In November 2012, the government published its digital strategy , setting out how it would become digital by default. That's its aim for public services, whether we’re applying for an apprenticeship or a student loan, finding out more about a property, transferring the ownership of a car, or managing our tax affairs - and a whole lot more. Here, Martyn Thomas, William Heath and Kevin Seller lay out their hopes and fears for the strategy.
Martyn Thomas foresees problems.
To make Digital by Default work, government services need to build in strong security. There are some worrying signs of trouble ahead.
The quality of current government websites is variable. DVLA, for example, seems to work well with a wide variety of software, whereas someone trying to claim Disability Living Allowance for a child, online, is confronted by a page  that explains:
The service was designed to work with the following operating systems and browsers. Many of these are no longer available…
You are likely to have problems if you use Internet Explorer 7, 8, 9 and 10, Windows Vista or a smartphone..
If you use browsers not listed below, including Chrome, Safari or Firefox, the service [may] not display all the questions you need to answer. You may wish to claim in another way.
In other words, to apply for this benefit online you must have a computer that is several years old and that has not been updated to fix many known security problems, contrary to all sensible cybersecurity advice. The website is not fit for purpose.
There must be a secure way for users of services to identify themselves online. The Government Digital Service has published a Good Practice Guide  on Identity Proofing and Verification (IPV) that lives up to its name but cannot get round the dilemma that usability and security pull in opposite directions. If you need to be very sure that an on-line user is the person they claim to be, then you need to carry out a range of checks that may make the service difficult to use.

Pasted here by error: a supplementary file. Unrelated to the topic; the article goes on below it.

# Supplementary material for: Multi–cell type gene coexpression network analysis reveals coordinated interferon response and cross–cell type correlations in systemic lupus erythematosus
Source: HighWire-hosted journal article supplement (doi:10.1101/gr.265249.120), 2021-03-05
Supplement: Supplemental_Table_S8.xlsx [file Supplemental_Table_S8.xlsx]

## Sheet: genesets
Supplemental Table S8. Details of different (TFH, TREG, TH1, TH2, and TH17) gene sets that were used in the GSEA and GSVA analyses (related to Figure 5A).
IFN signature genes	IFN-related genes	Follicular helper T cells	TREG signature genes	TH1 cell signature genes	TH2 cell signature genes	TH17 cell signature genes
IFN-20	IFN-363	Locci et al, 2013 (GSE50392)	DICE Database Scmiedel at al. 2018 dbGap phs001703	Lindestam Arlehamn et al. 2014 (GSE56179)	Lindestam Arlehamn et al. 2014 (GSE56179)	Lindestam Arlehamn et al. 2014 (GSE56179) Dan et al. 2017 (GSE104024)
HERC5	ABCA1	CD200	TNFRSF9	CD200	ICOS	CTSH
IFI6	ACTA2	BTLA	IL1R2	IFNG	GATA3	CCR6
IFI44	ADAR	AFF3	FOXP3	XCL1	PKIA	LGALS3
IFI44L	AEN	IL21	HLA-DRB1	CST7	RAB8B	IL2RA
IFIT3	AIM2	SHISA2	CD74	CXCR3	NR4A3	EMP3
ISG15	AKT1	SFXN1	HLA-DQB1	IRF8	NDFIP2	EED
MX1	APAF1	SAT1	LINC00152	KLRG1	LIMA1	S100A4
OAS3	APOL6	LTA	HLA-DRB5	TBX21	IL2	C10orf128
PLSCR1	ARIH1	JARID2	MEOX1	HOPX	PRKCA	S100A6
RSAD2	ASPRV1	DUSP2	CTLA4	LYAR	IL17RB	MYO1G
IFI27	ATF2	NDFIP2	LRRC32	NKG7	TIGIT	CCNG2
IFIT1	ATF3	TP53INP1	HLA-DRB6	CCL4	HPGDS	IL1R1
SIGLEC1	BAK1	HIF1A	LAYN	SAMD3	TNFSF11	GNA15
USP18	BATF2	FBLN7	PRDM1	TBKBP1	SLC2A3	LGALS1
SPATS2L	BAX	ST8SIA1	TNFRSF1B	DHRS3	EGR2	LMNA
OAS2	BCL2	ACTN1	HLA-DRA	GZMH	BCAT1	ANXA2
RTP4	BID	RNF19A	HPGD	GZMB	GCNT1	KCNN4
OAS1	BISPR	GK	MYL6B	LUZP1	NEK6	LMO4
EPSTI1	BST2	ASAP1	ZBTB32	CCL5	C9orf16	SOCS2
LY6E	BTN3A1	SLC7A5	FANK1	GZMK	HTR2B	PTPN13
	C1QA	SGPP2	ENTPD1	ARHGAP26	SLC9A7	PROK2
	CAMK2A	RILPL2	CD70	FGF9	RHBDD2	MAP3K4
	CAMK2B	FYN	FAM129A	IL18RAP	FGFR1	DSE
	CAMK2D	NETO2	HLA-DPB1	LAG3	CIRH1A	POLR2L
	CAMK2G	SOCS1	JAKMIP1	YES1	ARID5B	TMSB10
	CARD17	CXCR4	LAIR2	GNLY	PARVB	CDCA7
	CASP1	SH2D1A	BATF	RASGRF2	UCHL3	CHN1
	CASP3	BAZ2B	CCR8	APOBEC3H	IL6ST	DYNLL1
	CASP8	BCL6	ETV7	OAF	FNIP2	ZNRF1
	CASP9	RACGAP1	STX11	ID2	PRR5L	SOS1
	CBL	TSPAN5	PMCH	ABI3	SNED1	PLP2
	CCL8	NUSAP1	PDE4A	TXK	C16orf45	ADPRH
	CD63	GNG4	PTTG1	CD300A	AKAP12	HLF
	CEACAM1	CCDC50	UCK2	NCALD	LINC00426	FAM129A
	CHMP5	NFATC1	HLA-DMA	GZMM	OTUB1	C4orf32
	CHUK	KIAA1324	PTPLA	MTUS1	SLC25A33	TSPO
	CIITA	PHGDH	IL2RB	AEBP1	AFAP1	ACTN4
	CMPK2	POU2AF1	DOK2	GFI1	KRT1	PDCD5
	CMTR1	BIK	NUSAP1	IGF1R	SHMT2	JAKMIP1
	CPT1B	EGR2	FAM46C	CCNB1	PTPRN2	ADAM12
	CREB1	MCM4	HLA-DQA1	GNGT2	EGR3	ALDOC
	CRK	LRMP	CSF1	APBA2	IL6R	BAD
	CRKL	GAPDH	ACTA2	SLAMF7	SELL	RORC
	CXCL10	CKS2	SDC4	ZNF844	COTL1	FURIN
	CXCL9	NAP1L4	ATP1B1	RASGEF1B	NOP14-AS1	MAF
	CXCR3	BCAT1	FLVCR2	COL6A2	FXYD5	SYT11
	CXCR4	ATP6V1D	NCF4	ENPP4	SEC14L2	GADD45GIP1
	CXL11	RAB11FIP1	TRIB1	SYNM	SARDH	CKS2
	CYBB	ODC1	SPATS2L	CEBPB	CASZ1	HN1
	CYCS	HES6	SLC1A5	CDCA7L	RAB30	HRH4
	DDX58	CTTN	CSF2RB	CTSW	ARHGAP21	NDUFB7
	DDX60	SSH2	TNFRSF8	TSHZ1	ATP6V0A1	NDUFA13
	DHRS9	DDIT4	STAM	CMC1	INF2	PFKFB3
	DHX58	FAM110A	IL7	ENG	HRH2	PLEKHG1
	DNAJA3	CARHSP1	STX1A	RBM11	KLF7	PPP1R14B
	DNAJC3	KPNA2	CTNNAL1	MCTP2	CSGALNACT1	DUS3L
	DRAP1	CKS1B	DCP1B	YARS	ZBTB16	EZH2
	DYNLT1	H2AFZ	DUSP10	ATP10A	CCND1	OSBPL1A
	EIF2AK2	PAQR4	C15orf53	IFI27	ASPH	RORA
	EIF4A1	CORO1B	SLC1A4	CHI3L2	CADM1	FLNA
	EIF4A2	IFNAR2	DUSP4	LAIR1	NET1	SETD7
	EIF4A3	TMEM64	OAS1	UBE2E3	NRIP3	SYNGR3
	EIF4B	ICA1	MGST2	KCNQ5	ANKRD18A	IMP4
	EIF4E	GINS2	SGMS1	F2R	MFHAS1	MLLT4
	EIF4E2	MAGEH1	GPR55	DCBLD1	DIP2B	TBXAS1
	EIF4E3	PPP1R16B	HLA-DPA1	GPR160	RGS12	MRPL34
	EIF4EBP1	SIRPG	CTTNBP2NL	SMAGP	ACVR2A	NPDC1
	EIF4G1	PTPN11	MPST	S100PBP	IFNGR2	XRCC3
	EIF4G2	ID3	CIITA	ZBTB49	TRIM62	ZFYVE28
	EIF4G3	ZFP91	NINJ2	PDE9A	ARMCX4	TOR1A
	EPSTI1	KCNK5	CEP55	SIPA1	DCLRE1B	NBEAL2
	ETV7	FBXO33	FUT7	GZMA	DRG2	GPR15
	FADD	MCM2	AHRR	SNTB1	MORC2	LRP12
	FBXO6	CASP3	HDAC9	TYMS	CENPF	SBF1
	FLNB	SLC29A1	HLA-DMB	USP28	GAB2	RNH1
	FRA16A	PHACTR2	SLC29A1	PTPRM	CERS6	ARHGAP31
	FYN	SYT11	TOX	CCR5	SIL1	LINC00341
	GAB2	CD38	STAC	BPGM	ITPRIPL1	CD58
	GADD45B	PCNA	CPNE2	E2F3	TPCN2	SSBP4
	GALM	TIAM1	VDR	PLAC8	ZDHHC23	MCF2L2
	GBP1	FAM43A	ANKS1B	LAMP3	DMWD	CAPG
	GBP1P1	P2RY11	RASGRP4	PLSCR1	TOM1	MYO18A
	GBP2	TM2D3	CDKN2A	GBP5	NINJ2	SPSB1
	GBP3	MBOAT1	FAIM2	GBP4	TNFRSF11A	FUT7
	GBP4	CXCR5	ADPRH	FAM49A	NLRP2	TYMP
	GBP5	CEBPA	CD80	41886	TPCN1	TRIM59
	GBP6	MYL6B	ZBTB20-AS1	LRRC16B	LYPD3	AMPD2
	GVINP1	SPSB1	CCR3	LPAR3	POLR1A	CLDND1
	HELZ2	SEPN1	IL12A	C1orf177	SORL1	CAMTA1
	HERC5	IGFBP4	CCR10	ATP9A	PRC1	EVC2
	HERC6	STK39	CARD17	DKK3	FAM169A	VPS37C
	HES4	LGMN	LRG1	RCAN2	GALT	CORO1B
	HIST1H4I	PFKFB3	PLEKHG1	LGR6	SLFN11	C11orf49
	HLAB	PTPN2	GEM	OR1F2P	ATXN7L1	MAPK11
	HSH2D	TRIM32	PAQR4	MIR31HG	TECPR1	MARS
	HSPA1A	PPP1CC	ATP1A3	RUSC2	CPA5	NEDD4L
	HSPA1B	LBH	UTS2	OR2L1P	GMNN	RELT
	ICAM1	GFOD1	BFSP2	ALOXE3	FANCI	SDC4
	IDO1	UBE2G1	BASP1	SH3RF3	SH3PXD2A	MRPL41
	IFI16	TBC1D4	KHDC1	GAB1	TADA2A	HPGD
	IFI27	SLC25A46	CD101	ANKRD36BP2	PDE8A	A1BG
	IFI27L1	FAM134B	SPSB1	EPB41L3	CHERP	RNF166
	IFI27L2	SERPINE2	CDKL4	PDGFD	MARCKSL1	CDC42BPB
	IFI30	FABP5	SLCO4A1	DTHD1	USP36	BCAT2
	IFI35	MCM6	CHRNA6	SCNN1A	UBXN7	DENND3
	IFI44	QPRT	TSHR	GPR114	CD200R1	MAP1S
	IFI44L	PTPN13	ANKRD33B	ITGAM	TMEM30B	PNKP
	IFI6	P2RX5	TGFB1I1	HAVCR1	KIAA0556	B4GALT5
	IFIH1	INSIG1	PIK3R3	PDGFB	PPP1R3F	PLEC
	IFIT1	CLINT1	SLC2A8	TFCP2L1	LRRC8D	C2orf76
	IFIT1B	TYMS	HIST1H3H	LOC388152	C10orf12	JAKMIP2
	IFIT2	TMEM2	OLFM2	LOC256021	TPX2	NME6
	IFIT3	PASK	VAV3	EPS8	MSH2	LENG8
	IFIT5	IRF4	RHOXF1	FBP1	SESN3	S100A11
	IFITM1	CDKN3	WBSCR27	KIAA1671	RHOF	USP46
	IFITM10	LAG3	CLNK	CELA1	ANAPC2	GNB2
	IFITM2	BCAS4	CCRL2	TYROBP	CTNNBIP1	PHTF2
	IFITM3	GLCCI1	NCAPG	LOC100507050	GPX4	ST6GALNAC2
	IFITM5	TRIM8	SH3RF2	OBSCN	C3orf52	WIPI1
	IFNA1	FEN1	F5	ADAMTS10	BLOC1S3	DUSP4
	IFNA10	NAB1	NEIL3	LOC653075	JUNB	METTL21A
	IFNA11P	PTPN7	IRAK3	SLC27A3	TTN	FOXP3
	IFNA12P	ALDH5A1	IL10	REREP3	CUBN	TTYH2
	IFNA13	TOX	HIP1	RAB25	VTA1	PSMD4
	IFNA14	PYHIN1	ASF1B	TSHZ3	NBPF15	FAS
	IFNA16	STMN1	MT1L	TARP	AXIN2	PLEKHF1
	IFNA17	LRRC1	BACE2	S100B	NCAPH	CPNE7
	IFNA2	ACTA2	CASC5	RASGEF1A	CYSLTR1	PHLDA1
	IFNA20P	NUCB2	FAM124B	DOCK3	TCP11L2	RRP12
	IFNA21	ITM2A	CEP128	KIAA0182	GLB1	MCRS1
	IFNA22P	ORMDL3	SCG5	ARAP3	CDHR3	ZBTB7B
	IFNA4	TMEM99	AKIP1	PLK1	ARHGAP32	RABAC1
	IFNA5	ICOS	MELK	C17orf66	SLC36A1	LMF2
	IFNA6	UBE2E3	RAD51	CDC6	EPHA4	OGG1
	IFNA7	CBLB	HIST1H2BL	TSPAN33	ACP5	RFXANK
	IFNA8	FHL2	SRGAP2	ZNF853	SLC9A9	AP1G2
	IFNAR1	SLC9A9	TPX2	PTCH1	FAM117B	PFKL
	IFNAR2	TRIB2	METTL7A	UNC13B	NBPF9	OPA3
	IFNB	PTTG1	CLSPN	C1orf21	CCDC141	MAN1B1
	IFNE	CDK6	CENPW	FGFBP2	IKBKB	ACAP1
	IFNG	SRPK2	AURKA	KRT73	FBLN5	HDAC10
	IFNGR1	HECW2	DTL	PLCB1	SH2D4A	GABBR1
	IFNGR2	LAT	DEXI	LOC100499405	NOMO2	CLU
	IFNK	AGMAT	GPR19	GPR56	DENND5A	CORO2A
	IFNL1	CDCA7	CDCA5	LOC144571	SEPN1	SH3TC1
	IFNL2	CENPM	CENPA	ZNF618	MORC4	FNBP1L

Exposure or corruption of sensitive personal data may risk serious injury to one person and only be inconvenient to another. Should the service be designed to satisfy the highest risks, even if that means using IPV procedures that are expensive, highly inconvenient for most citizens and reduce the take-up of the digital service? Testing alone can never guarantee security. How can citizens be certain that their sensitive data is secure?
Politicians and civil servants often suggest that it is safe to make personal data that departments have collected available to others once it has been anonymised. This is at best naïve and at worst fraudulent.
If the ‘anonymous’ data contains enough information about an individual for it to be useful commercially or for research, then it will often be possible to re-identify the individual by comparing the data with other available datasets.
So Digital by Default is a great aspiration but delivering it is far harder than it may appear, and the most likely outcome is a flawed implementation followed by very damaging security breaches.
William Heath explains how.
One route the government has chosen for future ID assurance is Mydex, a social enterprise community interest company based in the Young Foundation. Mydex provides personally encrypted online data stores free to individuals, and a technical and legal trust framework within which individuals can acquire and redeploy all sorts of personal data.
Crucially, this includes proofs to claims, such as having a driving licence, paying council tax at a specific address, having a passport or bank account.
This means that individuals can acquire evidence of relationships and trustworthiness as a normal part of engaging in online life. They can then sign on to services securely, receive structured data of all sorts at no cost, and personalise services without compromising privacy.
Midata and Mydex